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Atmosphere, setting and skin makes Olympic beach volleyball one hot ticket

Annie Martin from Canada leaps for a spike during the Beach Volleyball match against Russia at the 2012 Summer Olympics, Tuesday, July 31, 2012, in London.

Petr David Josek/AP

London Mayor Boris Johnson recently called it, "magnificent and bonkers."

One night at a beach volleyball game at the 2012 Summer Olympics and you can see why.

Not only are there the customary comforts of the sport – bikini-clad athletes, bikini-clad dancers, ear-piercing rock 'n' roll music and, of course, a big pile of sand – but they've plopped the whole business right in the middle of Horse Guards Parade.

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As in, the plot of land where Henry VIII once held jousting tournaments. Or where the Queen has since had her cavalry promenade around, lest they get too lethargic, something that's become quite the tourist attraction.

Now that we mention it, it's also right around the corner from Buckingham Palace, just in case Lizzy wants to watch on.

If that isn't bonkers, what is?

Did we mention the dancers form a conga line during commercial breaks?

As it is situated, the scenery at the venue is remarkable, with views of Big Ben to the right, the London Eye (the world's third tallest Ferris wheel) to the left and several 300-year-old buildings in back to add a little gravity to the absurd.

Not that that's what they want.

"Remember this is not Wimbledon, ladies and gentleman," the announcer blurted over the loudspeaker 10 minutes before play began.

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And the crowd, without a geographical favourite on this night, during a match between Canada and Brazil, obliges, cheering wildly for no particular reason at all.

Beach volleyball has, unexpectedly, become one of the hottest tickets at these Games, with word of the atmosphere, setting and skin spreading around the city.

Tickets cost a fortune on the secondary market, but that hasn't stopped a whole crew of Canadians – some clad in hockey helmets, wearing flags as capes and crowded around the beer tent – from getting in.

Those who know the sport well say they've never seen anything quite like this – with stodgy old England playing host to such raucous ridiculousness right in the royals' backyard.

"The fact that you're right here, it brings all the attention of London right to the centre of the town," said one of the flag-wearing Canucks, Martin Dearing, who was there supporting an old friend in Canadian men's volleyball player Josh Binstock.

"I don't know that London's particularly known for their beaches, but the hype that got created around this particular event, it's phenomenal. These guys are put in the spotlight in a way we've never seen before. We're loving it."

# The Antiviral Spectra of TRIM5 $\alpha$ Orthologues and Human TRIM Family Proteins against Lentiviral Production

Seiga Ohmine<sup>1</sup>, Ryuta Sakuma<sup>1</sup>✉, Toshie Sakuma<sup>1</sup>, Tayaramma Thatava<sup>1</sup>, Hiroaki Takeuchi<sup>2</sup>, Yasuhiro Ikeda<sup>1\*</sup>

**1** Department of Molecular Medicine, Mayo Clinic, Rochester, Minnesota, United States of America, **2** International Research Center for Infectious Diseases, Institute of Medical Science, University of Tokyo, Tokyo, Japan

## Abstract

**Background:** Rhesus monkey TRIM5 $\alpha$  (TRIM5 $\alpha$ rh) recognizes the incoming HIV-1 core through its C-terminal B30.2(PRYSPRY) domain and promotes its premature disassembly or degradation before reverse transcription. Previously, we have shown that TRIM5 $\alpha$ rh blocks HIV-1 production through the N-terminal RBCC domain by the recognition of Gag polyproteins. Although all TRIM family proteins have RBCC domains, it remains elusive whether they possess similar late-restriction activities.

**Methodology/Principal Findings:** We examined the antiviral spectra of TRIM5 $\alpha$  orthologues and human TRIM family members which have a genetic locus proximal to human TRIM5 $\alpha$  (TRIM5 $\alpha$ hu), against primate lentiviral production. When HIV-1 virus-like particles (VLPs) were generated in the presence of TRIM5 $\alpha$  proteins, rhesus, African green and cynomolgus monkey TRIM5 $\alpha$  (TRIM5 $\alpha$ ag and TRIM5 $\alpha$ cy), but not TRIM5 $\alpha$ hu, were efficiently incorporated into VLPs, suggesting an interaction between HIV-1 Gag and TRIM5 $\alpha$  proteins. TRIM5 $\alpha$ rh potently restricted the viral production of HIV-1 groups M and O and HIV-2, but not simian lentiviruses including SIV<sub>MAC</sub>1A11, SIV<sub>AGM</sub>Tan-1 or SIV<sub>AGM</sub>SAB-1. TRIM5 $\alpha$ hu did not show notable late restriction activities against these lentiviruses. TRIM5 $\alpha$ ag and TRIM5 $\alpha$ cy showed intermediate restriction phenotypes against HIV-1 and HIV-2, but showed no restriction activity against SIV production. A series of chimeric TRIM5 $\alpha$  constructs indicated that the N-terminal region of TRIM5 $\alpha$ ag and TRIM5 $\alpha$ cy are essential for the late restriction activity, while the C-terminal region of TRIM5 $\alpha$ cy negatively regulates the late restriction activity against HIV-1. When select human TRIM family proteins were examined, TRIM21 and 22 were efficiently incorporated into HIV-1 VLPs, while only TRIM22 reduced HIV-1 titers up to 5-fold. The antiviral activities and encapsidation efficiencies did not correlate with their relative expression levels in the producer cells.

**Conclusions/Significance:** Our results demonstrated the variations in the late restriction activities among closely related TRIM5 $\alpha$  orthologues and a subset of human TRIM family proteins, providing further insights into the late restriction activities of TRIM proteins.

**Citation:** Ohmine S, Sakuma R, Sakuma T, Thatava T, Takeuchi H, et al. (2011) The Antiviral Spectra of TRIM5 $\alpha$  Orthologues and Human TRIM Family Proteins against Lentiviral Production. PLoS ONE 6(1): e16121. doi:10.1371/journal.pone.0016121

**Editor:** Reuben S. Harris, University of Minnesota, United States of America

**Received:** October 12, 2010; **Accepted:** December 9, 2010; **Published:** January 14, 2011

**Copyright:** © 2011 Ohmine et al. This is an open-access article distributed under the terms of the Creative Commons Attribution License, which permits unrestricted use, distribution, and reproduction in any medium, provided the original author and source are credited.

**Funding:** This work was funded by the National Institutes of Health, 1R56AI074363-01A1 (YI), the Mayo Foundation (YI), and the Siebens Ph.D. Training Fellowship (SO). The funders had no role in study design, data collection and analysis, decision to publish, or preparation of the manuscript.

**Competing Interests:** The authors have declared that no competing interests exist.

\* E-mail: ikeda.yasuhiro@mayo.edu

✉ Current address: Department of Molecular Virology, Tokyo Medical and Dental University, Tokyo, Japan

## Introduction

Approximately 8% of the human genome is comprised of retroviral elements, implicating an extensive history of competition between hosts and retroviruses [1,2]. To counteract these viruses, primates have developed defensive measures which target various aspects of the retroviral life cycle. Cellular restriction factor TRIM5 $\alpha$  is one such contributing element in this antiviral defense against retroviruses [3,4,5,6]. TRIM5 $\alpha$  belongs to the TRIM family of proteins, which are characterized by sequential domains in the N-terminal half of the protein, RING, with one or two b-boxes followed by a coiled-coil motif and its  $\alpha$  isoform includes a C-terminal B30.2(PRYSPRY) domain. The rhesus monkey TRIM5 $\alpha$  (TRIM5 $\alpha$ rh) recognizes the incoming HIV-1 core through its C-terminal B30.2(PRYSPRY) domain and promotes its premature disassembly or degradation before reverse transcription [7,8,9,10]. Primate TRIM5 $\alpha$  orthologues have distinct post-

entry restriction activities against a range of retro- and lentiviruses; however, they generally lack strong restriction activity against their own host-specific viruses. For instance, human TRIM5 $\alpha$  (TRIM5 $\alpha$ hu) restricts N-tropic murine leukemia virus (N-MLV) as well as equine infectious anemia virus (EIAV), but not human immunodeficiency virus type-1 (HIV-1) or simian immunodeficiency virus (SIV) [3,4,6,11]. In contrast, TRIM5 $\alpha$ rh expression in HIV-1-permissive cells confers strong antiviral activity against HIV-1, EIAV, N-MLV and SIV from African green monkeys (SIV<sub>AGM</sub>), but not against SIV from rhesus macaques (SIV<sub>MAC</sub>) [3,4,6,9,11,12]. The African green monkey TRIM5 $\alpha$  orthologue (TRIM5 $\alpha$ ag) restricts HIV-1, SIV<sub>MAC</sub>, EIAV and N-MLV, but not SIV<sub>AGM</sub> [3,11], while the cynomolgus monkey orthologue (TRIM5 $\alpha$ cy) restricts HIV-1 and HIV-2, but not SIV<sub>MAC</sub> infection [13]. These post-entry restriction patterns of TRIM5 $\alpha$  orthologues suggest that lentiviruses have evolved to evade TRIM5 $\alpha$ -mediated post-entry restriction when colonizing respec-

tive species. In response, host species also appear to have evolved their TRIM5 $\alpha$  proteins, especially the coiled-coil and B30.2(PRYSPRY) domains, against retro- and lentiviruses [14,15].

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"They're guaranteed to have another game, too, so we've got to scramble to get tickets," another pal of Binstock's, Bill McLean, added.

In an event where there's been more written about the skimpy attire than the actual games – and there's certainly something odd about a sport that prevents women from covering up (unless the temperature drops) being played in the same universe as the hijab controversy in judo – the buzz in the city is mostly about the downright fun of it all.

Beach volleyball may not be front and centre on the sporting scene and Canada's athletes here may not be on the radar of the Own The Podium funding push, but the vast array of countries participating speaks to an organic growth in the game.

In addition to Canada's two teams, there are entries from Norway, Latvia, China, Venezuela and Mauritius – making beach volleyball more global than many events in London.

Perhaps that alone means it deserves a spot at the Games? Or maybe, just maybe, there's room for a little silliness amongst the more staid aspects of the Olympics?

Either way, there's little argument beach volleyball has added something of value here in London.

Just ask the mayor.

"There are semi-naked women playing beach volleyball in the middle of the Horse Guards Parade immortalized by Canaletto," Johnson wrote in his weekly column in the Daily Telegraph. "They are glistening like wet otters and the water is splashing off the brims of the spectators' sou'westers."

Which means it's about time for a conga.

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About the Author
Hockey Reporter

James joined The Globe as an editor and reporter in the sports department in 2005 and now covers the NHL and the Toronto Maple Leafs. More


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